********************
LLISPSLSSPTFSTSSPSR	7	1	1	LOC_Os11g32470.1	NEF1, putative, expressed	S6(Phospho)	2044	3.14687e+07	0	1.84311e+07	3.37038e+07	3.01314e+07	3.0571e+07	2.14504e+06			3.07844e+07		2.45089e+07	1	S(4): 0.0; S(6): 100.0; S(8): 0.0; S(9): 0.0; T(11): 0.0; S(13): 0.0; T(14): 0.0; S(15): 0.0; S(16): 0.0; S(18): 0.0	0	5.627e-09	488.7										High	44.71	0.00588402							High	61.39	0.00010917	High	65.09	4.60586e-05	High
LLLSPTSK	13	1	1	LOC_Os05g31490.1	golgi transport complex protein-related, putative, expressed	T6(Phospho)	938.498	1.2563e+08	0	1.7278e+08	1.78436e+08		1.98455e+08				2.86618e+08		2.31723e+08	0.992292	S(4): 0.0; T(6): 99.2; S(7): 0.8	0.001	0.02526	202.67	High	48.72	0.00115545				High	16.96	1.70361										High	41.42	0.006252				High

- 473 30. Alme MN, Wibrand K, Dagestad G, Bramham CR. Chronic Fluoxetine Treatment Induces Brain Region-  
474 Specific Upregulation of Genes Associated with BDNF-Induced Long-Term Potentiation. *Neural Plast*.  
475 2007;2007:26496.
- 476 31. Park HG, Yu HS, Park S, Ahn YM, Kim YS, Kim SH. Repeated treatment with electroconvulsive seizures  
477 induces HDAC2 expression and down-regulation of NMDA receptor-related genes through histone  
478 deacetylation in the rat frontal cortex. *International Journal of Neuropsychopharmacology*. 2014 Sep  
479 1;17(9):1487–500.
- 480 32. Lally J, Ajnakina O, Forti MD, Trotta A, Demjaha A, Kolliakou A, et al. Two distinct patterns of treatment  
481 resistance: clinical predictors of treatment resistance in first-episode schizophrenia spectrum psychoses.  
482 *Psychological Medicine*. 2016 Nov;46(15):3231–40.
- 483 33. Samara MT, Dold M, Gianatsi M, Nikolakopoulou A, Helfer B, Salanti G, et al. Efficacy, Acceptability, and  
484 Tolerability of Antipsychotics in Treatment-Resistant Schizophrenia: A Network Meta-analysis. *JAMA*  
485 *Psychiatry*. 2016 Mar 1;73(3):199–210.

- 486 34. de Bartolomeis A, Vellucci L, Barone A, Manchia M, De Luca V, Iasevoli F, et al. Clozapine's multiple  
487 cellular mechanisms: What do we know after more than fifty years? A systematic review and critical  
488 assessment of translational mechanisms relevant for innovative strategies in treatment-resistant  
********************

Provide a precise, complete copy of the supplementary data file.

LLISPSLSSPTFSTSSPSR	7	1	1	LOC_Os11g32470.1	NEF1, putative, expressed	S6(Phospho)	2044	3.14687e+07	0	1.84311e+07	3.37038e+07	3.01314e+07	3.0571e+07	2.14504e+06			3.07844e+07		2.45089e+07	1	S(4): 0.0; S(6): 100.0; S(8): 0.0; S(9): 0.0; T(11): 0.0; S(13): 0.0; T(14): 0.0; S(15): 0.0; S(16): 0.0; S(18): 0.0	0	5.627e-09	488.7										High	44.71	0.00588402							High	61.39	0.00010917	High	65.09	4.60586e-05	High
LLLSPTSK	13	1	1	LOC_Os05g31490.1	golgi transport complex protein-related, putative, expressed	T6(Phospho)	938.498	1.2563e+08	0	1.7278e+08	1.78436e+08		1.98455e+08				2.86618e+08		2.31723e+08	0.992292	S(4): 0.0; T(6): 99.2; S(7): 0.8	0.001	0.02526	202.67	High	48.72	0.00115545				High	16.96	1.70361										High	41.42	0.006252				High

- 473 30. Alme MN, Wibrand K, Dagestad G, Bramham CR. Chronic Fluoxetine Treatment Induces Brain Region-  
474 Specific Upregulation of Genes Associated with BDNF-Induced Long-Term Potentiation. *Neural Plast*.  
475 2007;2007:26496.
- 476 31. Park HG, Yu HS, Park S, Ahn YM, Kim YS, Kim SH. Repeated treatment with electroconvulsive seizures  
477 induces HDAC2 expression and down-regulation of NMDA receptor-related genes through histone  
478 deacetylation in the rat frontal cortex. *International Journal of Neuropsychopharmacology*. 2014 Sep  
479 1;17(9):1487–500.
- 480 32. Lally J, Ajnakina O, Forti MD, Trotta A, Demjaha A, Kolliakou A, et al. Two distinct patterns of treatment  
481 resistance: clinical predictors of treatment resistance in first-episode schizophrenia spectrum psychoses.  
482 *Psychological Medicine*. 2016 Nov;46(15):3231–40.
- 483 33. Samara MT, Dold M, Gianatsi M, Nikolakopoulou A, Helfer B, Salanti G, et al. Efficacy, Acceptability, and  
484 Tolerability of Antipsychotics in Treatment-Resistant Schizophrenia: A Network Meta-analysis. *JAMA*  
485 *Psychiatry*. 2016 Mar 1;73(3):199–210.

- 486 34. de Bartolomeis A, Vellucci L, Barone A, Manchia M, De Luca V, Iasevoli F, et al. Clozapine's multiple  
487 cellular mechanisms: What do we know after more than fifty years? A systematic review and critical  
488 assessment of translational mechanisms relevant for innovative strategies in treatment-resistant  